Harvard Study Says Many Seniors Can’t Afford Costs of Home Renovation
We took a look at the Harvard study and it paints a mixed picture. Well-off seniors like the couple from Austin appear to be faring just fine, but a very large and rising percentage of retirees are facing a much bleaker financial reality. The Harvard report cites growing income disparity for older Americans in the wake of the Great Recession, and says that, for many, “ensuring financial and housing security in retirement will be a struggle.” Kaiser points to a recent survey of 1,000 people age 65 and older by the California-based Senior Care Action Network in which 80 percent of respondents expressed concern about their ability to age in place. “The driver appears to be financial,” said SCAN: “About 60 percent said they have less than $10,000 in savings (including investments and retirement plans).” With such limited resources, there’s little likelihood that seniors will be able to afford the extensive remodeling that most older homes will require to turn them into safe places to age.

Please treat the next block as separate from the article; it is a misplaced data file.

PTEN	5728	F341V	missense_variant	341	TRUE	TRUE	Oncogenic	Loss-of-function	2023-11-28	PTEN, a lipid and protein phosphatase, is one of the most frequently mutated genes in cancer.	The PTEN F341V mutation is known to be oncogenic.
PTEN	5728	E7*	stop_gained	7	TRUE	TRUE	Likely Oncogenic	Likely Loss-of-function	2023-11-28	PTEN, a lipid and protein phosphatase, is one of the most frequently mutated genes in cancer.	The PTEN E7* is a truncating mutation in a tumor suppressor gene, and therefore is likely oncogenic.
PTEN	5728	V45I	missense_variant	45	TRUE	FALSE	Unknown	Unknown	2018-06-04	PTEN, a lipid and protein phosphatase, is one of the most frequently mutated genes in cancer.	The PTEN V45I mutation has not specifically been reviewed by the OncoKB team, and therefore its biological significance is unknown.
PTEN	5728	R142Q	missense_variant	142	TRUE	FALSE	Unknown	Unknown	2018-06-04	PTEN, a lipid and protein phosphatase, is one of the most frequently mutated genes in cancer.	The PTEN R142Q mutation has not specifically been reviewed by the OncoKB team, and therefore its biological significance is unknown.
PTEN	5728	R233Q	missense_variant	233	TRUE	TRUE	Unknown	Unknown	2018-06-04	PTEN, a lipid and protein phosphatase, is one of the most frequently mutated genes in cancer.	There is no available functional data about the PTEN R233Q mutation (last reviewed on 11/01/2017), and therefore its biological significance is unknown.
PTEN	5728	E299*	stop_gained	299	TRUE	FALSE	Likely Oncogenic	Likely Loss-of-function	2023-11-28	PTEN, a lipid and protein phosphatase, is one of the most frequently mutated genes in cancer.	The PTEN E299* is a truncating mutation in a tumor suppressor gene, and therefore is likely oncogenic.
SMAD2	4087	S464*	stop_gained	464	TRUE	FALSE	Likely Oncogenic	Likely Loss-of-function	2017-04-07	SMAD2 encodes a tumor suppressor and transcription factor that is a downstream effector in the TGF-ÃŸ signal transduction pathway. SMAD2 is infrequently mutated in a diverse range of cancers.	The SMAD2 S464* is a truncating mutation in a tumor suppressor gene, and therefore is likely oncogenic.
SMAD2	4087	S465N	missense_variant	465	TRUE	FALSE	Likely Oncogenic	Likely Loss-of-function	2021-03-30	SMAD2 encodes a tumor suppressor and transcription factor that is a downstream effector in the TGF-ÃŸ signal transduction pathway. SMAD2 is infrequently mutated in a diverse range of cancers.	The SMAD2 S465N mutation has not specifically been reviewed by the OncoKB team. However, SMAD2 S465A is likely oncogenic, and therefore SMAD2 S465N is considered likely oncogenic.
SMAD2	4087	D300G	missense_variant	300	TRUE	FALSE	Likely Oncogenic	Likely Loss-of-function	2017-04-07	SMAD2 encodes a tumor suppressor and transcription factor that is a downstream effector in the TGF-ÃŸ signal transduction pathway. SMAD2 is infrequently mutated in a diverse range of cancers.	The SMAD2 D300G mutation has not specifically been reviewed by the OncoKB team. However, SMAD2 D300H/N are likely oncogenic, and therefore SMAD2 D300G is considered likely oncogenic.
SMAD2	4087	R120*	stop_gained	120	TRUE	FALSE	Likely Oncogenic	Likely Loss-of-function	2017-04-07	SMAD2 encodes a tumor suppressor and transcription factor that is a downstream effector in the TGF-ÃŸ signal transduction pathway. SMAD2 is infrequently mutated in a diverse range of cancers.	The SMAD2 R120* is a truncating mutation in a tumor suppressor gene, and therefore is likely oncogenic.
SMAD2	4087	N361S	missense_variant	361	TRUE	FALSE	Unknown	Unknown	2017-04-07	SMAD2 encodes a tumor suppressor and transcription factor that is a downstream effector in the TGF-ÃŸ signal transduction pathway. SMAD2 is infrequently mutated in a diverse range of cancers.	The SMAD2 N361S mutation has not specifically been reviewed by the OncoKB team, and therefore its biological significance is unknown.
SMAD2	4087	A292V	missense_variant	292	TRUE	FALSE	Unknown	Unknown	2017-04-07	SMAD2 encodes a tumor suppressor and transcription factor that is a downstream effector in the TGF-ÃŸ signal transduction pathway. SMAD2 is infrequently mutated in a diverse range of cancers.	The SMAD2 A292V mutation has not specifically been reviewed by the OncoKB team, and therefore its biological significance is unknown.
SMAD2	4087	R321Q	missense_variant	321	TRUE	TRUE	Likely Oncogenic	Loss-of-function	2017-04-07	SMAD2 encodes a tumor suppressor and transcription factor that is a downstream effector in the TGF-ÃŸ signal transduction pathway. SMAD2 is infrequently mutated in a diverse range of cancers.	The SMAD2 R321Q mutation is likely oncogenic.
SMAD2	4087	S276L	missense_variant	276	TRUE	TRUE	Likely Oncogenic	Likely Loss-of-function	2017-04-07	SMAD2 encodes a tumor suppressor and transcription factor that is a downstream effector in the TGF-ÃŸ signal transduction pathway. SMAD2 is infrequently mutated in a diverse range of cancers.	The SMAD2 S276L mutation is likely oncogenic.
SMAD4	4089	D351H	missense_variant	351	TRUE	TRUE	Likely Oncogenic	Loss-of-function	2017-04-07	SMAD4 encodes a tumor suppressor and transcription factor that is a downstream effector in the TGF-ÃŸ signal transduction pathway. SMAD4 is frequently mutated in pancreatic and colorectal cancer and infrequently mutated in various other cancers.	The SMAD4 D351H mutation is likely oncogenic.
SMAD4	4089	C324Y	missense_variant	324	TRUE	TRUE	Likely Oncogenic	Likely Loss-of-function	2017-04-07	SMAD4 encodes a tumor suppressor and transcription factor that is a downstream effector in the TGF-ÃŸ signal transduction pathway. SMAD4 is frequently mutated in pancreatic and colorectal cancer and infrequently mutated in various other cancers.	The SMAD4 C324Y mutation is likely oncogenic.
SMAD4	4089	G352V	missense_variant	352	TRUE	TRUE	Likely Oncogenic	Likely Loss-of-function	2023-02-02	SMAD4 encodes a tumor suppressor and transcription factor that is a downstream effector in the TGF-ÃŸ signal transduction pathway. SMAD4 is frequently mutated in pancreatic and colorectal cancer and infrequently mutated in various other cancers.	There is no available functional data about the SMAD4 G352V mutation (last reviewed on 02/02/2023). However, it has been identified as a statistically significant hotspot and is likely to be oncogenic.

“Given their high homeownership rates, most older adults live in single-family homes,” the Harvard study found. “Of the 24 million homeowners age 65 and over, fully 80 percent lived in detached single-family units in 2017. The majority of these homes are now at least 40 years old and therefore may present maintenance challenges for their owners.” Many seniors have lived in their homes for many years and are facing the need for expensive fixes before they can even think about remodeling. “For example, heating, ventilation, and air conditioning systems typically last 15–25 years, while shingle roofs last about 20 years,” says the study. “Replacement costs can be substantial.”
How Can Seniors Pay for Costs of Home Renovation with Little or No Savings?